Nerite snails are one of the most beneficial snails in fish tanks. They assist in keeping the tanks clean by feeding on algae. However, getting rid of nerite eggs in fish tanks can be challenging and frustrating.
How Do I Get Rid Of Nerite Snail Eggs? To get rid of nerite snail eggs from tanks, you can consider scraping them off the surface they are attached to during a water change. If the tank is a freshwater tank, it will prevent the nerite snails from laying eggs in the first place.
Some individuals also suggest the use of hydrogen peroxide in getting rid of nerite snail eggs. As much as this works, it can have negative side effects.
Hydrogen peroxide will get rid of both the snails and their eggs. Also, it can bleach driftwood and other substrates in the tank. Nerite snail eggs can be annoying; however, it is equally essential to take cautious steps in your approach.
Nerite Snail Eggs in Fish Tank
First off, it is crucial to be aware that there is little or no chance for nerite snails to lay eggs in freshwater tanks. This feature highlights why they are most useful in getting rid of algae in freshwater tanks.
Nerite snails need brackish water to aid their reproduction. Their reproduction requirements limit the rate at which nerite snails take over tanks relative to other sails.
Once the nerite snail lay eggs in your tank, they become noticeable. You will begin to find them on many hard surfaces in the tank. These surfaces include; walls of the tanks, plant surfaces, substrates, and any other available surface.
Nerite snail eggs are more noticeable on dark surfaces or dark shades. This preference is because nerite eggs usually appear like white dots. The eggs will scatter all over the tank and can develop to form larvae in a couple of weeks.
Nerite snails reproduce by external fertilization. The resulting larvae don’t usually survive in freshwater habitats.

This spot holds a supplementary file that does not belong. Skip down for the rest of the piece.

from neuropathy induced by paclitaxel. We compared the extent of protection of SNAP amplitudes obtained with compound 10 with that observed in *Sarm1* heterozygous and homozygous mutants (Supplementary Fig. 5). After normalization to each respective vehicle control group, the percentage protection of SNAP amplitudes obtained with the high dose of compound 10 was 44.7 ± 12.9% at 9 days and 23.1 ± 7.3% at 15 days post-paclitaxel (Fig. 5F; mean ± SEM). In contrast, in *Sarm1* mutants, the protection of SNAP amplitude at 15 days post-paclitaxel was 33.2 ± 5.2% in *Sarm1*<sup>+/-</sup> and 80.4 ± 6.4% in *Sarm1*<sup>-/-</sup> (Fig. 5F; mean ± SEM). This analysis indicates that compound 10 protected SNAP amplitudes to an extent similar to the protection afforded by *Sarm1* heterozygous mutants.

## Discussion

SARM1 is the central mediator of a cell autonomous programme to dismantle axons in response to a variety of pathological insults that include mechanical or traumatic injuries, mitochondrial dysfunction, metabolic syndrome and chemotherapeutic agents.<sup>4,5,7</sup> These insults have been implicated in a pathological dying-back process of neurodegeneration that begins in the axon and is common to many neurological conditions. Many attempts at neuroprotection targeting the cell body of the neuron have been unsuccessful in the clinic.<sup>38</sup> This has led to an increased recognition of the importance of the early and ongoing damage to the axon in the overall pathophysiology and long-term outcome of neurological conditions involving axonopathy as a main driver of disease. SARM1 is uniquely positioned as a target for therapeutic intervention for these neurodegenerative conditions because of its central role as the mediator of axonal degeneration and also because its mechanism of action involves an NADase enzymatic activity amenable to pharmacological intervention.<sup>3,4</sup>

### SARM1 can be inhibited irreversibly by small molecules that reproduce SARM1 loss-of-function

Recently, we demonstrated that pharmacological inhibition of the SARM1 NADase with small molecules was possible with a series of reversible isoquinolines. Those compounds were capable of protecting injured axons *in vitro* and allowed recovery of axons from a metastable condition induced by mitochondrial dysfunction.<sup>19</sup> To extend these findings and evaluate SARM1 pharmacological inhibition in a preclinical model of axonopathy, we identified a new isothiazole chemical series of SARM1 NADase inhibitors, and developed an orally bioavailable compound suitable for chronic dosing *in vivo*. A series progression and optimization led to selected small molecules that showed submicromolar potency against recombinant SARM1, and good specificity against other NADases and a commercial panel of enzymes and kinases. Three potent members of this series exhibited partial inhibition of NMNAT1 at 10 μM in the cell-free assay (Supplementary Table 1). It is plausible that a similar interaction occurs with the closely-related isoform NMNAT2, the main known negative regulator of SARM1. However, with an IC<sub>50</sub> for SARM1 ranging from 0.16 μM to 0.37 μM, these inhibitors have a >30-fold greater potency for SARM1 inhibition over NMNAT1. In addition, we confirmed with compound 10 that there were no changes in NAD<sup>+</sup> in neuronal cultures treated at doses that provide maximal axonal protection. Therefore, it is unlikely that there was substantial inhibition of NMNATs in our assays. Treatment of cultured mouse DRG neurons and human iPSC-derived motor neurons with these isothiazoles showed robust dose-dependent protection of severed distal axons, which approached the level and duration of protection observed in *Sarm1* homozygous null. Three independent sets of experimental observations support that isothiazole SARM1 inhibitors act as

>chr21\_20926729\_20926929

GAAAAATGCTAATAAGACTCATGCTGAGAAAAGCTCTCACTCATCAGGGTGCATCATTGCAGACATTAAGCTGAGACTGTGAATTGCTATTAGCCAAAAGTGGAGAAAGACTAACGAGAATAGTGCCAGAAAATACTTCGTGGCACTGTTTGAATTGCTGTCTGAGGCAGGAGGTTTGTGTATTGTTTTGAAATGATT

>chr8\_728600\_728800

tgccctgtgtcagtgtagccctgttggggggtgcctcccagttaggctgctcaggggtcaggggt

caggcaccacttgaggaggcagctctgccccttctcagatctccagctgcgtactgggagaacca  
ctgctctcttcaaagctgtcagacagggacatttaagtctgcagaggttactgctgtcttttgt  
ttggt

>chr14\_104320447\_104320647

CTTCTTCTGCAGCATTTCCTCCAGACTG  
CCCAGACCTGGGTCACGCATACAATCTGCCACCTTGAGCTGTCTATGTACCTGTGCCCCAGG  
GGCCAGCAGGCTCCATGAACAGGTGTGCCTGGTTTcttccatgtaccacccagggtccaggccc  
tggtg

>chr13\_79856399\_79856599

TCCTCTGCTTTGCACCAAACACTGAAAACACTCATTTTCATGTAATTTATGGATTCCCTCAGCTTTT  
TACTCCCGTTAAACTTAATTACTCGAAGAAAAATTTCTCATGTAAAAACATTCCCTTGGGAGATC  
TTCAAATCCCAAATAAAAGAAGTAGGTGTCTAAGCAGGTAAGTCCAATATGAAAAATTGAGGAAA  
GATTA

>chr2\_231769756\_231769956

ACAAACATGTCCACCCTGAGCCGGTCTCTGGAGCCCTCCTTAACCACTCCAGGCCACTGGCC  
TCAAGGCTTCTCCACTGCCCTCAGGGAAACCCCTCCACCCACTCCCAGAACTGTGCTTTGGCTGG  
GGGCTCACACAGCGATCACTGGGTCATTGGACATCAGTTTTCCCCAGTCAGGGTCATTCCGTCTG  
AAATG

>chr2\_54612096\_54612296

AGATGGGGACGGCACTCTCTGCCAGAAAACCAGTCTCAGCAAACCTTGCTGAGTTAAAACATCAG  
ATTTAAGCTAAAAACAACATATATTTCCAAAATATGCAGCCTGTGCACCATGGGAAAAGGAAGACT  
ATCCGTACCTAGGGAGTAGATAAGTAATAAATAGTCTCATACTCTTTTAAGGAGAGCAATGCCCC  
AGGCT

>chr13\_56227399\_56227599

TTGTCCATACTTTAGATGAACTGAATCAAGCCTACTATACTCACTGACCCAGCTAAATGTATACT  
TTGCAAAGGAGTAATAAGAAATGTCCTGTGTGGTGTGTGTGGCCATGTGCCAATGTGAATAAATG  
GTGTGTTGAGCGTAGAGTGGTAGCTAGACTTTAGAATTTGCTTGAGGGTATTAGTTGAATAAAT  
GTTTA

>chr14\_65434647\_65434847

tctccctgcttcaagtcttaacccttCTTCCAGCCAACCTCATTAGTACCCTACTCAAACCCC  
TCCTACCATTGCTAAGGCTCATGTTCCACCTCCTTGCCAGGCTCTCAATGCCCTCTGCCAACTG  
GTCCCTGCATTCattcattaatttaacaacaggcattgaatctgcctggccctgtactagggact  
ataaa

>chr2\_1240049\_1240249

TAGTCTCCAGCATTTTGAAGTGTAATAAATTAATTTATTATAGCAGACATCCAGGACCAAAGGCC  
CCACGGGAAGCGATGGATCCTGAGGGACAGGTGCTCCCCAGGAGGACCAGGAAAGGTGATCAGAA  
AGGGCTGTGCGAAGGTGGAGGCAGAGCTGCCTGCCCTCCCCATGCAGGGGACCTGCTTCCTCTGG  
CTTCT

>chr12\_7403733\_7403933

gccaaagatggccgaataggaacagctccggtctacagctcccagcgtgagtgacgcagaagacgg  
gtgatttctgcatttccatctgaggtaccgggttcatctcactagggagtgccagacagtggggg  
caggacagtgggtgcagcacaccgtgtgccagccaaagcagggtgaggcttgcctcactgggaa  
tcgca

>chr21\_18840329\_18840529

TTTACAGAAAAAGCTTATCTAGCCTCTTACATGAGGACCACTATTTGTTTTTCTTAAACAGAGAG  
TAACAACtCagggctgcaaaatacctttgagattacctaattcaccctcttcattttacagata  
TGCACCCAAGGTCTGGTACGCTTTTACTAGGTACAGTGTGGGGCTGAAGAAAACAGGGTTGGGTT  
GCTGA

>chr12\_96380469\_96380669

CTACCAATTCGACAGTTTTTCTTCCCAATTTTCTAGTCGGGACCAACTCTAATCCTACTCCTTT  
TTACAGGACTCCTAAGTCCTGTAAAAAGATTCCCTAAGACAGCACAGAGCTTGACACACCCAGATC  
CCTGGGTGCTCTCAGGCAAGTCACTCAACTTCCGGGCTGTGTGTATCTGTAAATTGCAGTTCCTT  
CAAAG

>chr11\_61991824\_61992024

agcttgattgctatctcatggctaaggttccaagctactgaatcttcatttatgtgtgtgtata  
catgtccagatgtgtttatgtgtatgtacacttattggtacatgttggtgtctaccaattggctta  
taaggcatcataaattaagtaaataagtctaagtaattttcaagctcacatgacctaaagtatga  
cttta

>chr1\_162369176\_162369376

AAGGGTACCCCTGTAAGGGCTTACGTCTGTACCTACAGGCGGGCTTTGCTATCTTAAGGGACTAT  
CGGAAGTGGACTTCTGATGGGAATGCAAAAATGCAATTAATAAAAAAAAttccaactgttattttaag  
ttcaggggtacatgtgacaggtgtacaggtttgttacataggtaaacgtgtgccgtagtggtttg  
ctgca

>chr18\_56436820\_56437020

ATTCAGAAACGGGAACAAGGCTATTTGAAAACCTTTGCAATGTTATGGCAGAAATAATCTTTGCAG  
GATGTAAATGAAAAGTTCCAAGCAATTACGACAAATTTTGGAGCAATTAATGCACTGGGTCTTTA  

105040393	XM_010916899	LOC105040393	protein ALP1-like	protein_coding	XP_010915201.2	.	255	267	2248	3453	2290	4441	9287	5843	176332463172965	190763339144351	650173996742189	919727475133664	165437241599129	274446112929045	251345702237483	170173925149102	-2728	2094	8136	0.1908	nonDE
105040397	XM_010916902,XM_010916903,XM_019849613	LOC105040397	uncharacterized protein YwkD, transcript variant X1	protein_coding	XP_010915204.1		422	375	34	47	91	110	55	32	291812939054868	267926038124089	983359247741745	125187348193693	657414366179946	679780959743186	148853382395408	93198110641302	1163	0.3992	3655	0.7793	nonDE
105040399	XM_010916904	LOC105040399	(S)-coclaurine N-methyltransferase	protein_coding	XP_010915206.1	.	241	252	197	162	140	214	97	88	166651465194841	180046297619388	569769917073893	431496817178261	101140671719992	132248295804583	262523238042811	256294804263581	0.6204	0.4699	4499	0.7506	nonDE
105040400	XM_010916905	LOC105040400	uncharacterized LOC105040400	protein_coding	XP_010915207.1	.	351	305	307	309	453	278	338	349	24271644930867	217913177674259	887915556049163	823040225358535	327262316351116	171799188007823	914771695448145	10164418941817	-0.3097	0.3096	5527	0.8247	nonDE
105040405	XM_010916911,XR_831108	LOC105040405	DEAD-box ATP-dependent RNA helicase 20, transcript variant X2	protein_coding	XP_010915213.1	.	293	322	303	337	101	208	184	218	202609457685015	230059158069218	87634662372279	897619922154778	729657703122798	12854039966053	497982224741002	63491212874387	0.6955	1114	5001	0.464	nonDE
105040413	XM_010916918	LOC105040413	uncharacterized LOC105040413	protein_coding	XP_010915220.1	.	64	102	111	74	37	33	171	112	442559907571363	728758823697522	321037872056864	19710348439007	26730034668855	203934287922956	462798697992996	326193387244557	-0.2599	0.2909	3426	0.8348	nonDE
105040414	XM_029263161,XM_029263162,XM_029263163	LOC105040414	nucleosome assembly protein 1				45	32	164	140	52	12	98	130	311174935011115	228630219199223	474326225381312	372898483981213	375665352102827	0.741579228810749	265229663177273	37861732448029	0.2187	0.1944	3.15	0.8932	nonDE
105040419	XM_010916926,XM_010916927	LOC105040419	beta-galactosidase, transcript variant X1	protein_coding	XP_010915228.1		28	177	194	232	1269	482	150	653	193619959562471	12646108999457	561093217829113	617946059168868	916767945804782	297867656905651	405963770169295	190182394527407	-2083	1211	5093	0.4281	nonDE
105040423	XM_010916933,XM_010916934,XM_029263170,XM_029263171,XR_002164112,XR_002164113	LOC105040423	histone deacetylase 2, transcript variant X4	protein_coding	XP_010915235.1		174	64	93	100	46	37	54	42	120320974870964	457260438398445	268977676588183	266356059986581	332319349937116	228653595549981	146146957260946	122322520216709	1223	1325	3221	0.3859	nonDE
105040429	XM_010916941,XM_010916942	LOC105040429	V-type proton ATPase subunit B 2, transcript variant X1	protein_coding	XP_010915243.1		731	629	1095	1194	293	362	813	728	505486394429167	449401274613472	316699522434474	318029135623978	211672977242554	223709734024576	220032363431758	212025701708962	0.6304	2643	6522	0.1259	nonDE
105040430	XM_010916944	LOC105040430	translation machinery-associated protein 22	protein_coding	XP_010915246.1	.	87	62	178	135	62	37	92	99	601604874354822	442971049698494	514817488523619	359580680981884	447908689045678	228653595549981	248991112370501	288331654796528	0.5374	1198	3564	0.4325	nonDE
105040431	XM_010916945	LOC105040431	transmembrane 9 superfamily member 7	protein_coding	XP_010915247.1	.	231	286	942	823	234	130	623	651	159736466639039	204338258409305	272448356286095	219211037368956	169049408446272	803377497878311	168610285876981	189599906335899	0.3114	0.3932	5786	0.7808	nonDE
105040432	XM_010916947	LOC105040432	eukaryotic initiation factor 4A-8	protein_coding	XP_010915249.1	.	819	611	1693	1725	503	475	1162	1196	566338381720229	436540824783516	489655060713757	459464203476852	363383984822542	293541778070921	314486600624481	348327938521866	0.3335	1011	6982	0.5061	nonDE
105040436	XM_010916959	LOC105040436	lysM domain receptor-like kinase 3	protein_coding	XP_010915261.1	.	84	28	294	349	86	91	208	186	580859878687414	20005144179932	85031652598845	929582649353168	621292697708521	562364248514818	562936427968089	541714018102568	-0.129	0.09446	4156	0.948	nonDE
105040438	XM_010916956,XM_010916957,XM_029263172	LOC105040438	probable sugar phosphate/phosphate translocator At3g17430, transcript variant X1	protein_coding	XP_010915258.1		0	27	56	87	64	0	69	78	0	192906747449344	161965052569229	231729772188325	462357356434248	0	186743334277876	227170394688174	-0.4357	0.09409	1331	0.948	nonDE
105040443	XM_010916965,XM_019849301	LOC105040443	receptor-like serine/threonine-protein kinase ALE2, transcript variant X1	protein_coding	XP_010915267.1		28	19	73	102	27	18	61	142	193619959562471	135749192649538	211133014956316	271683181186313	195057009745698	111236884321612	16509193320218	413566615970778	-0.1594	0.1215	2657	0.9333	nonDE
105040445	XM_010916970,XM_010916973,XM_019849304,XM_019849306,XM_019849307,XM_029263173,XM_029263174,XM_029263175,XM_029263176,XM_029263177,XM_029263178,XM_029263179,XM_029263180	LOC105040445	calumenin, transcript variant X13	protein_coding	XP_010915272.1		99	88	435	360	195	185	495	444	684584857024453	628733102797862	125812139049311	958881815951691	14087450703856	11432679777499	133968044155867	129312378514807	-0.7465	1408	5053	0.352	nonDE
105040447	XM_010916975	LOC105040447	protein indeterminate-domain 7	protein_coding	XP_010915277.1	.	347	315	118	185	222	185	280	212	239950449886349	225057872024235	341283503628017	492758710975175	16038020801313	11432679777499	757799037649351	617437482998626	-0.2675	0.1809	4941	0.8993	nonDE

Lifespan of Nerite Snails
Nerite snails have one of the shortest lifespans compared to most aquarium members. On average, nerite snails can live around 1-2 years in an aquarium. Their lifespans depend on tank conditions, feeding, and other parameters like tank mates.
If you intend to enhance your nerite snails’ lifespan, it is essential to make some tank preparations before adding them. You should evaluate all the tank parameters and be sure that they are suitable conditions for the snail.
You should evaluate the tank water for pH, ammonia concentration, nitrate level, and water hardness. It is best to tweak these parameters to suit the nerite snails if you intend to keep them.
Nerite snails can survive both freshwater and brackish water, as long as the parameters are favorable to them. However, their reproduction is only favored in brackish water. Nerite snails’ larvae cannot survive in freshwater.
In some cases, you might find your nerite snail dying off after a few days or weeks of adding them. This unfortunate incident can happen due to several reasons. It might be due to stress that comes with a change of environment or being transported.